I just read a very informative article about drowning by Mario Vittone. Drowning is not the violent, splashing call for help that most people expect. Drowning is almost always a deceptively quiet event. The waving, splashing and yelling that dramatic conditioning (television) prepares us to look for is rarely seen in real life.

The same is often true of grief.

If you have family or friends who have lost a loved one (all of us) try to remember that grief, like drowning, can be deceptively quiet. We must be mindful of this disconnect between what we believe deep grief will look like and how it often presents. Deriving from deliberate courage, of innate survival instincts, those who live with grief often appear “okay”. They are going to work, showing up for family functions, honoring their obligations, nodding appropriately…they are dressed and going through the motions of life. They look like they are floating (if not swimming) yet on the inside they feel they are drowning, unable to flail their arms or ask for help.

Sometimes the most common indication that someone is drowning is that they don’t look as if they’re drowning. They may just look as if they are treading water and looking up at the deck. One way to be sure? Ask them, “Are you alright?” .

It takes herculean effort to stay afloat during the rough waters of grief. There is no rescuing someone from their grief but we can offer support to help them stay afloat.

  • Compassion, connection and care are ways to support those who are living with grief.
  • Ask about their grief: Tell me what your days are like. Have you been sleeping? What is most difficult? Can I bring you a meal? Would you like to go for a walk? A movie? Can I bring you groceries? What would be most comforting to you?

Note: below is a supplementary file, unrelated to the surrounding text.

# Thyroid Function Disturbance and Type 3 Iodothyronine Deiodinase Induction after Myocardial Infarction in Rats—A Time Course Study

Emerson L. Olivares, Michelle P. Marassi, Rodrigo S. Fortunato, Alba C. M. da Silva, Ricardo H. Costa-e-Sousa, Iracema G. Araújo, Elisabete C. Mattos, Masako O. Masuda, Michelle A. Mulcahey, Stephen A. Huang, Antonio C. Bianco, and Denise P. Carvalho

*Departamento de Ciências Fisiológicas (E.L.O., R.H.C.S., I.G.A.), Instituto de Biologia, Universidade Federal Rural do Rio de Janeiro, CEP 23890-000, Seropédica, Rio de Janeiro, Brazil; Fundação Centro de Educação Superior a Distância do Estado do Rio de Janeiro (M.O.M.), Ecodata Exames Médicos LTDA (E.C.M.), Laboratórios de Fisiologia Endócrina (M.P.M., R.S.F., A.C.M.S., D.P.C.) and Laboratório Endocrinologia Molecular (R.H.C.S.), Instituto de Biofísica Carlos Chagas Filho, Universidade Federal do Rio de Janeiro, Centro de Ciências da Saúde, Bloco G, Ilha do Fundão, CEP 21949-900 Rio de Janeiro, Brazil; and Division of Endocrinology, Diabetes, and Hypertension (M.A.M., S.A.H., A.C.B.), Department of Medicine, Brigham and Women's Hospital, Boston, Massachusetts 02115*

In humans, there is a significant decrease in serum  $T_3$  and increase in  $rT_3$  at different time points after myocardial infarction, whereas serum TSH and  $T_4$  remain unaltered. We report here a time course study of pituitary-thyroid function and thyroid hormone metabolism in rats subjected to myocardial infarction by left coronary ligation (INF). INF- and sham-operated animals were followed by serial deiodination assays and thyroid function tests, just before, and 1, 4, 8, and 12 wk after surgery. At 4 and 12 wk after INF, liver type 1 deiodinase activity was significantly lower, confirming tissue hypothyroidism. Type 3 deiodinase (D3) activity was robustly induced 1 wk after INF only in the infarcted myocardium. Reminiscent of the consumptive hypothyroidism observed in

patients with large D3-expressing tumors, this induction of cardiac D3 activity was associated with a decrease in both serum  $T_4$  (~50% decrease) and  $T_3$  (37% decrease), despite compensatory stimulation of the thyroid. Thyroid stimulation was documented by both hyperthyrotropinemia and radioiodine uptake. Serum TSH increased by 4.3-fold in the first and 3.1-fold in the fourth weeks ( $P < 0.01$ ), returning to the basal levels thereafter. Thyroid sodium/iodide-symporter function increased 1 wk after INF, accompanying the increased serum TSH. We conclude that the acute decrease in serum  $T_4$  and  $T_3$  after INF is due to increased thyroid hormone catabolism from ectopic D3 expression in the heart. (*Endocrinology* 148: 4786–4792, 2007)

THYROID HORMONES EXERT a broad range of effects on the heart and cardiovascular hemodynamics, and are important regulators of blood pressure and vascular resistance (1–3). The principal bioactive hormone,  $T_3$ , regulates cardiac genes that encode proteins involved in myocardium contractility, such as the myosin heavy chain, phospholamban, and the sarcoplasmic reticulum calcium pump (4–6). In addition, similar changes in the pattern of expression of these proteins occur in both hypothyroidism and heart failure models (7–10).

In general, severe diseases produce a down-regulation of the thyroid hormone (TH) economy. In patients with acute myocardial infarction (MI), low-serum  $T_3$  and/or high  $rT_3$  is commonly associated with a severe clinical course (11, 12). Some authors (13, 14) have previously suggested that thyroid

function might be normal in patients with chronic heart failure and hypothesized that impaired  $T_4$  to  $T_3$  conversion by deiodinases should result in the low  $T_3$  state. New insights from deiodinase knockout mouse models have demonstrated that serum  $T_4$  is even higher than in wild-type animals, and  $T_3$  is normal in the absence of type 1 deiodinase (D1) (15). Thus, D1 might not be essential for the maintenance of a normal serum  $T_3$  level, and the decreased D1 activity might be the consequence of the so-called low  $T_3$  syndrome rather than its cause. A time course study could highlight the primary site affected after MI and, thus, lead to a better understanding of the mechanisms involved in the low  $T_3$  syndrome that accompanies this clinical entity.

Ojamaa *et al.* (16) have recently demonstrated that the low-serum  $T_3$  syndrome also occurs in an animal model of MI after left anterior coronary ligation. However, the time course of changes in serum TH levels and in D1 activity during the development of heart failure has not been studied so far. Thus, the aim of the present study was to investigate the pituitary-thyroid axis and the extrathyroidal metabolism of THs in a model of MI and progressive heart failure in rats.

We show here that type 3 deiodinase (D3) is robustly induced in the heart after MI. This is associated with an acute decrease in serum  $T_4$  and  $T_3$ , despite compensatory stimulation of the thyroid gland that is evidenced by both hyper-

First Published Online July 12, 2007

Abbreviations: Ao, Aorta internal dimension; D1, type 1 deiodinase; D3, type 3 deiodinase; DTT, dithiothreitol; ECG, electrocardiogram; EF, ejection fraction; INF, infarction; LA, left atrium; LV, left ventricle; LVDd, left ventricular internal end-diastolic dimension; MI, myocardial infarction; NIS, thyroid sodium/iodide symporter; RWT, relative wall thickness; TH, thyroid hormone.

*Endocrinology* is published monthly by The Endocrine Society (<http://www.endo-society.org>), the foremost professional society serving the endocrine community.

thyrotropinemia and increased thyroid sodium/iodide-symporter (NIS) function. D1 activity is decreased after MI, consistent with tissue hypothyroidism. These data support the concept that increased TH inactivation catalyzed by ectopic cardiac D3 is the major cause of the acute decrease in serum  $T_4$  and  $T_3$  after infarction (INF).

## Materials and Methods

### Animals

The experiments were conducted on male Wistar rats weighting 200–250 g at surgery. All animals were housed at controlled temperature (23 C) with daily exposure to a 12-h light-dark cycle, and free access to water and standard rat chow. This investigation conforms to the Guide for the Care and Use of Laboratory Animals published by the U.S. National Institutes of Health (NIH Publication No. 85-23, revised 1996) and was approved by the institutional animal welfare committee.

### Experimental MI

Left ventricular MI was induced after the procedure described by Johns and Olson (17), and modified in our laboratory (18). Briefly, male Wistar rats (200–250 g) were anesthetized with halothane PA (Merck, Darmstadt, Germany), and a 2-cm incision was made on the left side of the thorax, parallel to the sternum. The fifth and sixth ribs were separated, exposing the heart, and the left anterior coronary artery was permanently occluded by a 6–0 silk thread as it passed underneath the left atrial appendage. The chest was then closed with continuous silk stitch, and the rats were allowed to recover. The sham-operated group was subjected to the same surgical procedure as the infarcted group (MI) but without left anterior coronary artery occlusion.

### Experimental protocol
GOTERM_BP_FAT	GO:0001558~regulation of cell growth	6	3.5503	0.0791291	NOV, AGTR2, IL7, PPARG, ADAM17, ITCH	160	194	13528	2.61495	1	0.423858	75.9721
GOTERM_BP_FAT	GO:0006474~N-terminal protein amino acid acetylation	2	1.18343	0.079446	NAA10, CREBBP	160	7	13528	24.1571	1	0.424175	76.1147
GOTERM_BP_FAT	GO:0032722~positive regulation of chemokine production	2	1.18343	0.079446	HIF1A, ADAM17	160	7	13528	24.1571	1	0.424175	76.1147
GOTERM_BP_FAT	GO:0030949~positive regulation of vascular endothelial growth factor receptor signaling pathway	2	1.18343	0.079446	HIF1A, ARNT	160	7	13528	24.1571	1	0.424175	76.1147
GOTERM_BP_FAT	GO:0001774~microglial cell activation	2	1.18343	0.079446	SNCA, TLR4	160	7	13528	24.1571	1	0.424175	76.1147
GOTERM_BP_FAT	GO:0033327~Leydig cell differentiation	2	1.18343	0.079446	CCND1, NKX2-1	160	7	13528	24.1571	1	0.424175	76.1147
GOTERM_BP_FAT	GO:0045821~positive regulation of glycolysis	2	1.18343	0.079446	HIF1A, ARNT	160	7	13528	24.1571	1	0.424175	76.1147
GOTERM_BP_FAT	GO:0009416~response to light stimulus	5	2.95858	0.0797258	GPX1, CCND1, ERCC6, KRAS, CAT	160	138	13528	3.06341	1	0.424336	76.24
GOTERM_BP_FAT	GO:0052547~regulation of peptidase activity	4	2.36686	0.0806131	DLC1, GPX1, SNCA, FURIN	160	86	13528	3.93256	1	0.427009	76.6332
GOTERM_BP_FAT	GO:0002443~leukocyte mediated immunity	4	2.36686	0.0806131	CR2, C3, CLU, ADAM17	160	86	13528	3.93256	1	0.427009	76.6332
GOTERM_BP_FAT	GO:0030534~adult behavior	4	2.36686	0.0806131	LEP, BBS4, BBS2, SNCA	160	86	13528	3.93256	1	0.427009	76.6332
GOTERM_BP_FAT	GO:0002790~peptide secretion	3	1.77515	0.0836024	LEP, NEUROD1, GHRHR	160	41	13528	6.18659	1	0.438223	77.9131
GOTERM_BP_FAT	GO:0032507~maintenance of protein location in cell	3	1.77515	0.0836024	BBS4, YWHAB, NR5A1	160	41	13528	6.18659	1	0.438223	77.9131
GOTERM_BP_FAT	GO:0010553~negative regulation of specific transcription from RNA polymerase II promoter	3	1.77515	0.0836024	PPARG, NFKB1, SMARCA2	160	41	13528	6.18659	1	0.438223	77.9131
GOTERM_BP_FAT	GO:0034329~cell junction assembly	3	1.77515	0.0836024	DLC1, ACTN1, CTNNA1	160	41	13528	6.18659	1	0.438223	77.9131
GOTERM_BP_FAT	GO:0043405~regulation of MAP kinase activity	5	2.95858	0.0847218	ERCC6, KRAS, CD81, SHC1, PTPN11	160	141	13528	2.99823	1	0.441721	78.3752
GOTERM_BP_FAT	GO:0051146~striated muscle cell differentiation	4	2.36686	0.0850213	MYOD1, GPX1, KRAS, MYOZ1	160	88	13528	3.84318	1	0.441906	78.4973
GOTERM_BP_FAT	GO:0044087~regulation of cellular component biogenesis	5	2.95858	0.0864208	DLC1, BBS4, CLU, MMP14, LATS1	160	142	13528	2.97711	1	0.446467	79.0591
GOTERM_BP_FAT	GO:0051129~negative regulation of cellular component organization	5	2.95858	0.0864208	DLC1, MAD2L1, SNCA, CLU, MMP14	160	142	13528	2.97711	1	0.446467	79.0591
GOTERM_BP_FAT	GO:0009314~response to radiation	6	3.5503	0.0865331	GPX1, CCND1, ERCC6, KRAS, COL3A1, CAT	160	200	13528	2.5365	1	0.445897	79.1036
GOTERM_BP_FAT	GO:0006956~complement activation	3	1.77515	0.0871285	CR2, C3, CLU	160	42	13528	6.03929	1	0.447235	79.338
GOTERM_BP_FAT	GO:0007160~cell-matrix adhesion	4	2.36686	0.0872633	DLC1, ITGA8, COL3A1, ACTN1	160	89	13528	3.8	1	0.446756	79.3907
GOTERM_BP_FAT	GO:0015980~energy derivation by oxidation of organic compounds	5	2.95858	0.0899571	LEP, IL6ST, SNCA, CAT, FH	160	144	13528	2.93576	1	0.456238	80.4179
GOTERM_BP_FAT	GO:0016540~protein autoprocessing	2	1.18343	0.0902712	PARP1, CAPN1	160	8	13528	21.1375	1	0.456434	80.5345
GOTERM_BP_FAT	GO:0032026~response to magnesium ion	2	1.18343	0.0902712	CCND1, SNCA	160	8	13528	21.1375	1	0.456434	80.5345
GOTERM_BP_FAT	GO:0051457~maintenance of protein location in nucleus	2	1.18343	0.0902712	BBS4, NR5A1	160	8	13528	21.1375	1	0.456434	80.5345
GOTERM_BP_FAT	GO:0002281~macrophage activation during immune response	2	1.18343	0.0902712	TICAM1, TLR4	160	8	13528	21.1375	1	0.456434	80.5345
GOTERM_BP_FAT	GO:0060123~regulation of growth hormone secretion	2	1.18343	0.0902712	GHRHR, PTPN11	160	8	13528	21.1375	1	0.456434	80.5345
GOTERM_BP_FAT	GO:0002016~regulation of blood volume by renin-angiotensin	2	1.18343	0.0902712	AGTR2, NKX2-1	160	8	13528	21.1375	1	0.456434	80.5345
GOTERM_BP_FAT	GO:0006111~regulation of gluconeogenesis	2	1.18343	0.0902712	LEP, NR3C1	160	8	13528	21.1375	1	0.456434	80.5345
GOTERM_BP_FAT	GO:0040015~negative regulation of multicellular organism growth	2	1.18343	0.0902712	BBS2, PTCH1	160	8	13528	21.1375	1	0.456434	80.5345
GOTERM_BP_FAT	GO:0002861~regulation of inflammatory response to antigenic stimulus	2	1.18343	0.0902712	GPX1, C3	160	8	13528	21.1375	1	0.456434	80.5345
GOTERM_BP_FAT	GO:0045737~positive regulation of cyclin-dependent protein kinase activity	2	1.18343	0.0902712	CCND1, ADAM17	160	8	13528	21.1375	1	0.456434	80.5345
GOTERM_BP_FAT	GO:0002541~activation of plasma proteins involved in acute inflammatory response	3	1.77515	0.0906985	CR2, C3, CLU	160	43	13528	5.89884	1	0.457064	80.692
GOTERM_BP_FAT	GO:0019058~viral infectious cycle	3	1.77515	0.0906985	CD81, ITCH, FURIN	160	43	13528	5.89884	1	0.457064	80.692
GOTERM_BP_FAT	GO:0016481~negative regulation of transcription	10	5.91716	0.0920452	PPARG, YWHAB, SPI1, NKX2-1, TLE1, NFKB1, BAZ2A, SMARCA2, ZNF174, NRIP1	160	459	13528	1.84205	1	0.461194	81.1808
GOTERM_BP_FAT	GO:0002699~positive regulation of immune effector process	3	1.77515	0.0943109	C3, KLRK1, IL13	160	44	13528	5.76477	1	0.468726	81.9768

• Remember and talk about the person they are mourning.
  • Take them a plant, a picture of times shared, a book or a meal.
  • Send cards, emails, texts.
  • Stay connected.

If you are the one living with grief and feel you might be drowning have the tenacity and courage to proactively seek help. Be it friends, family, co workers, your doctor or clergy, get help. Do not wait. Do not wait to see if someone will notice that you are drowning. Tell them. Have the courage to let people in. To ask people to swim alongside of you. To let people know what you need. Find your life vest through therapy, support groups, online groups, your clergy.

Learning to tread water is as important in grief as it is in swimming:

  • Rest
  • Drink plenty of water
  • Move your body
  • Use the buddy system
  • Consider what a life vest might look like for you in grief (therapy, a support group, exercise, a book discussion, gardening, journaling, daily meditations, music, art, taking a class, going to lectures, speaking to clergy…).

Do not wait until you feel yourself being pulled under. Proactively care for yourself and get the support you need to stay afloat, to learn to tread the unpredictable and often rough waters of grief.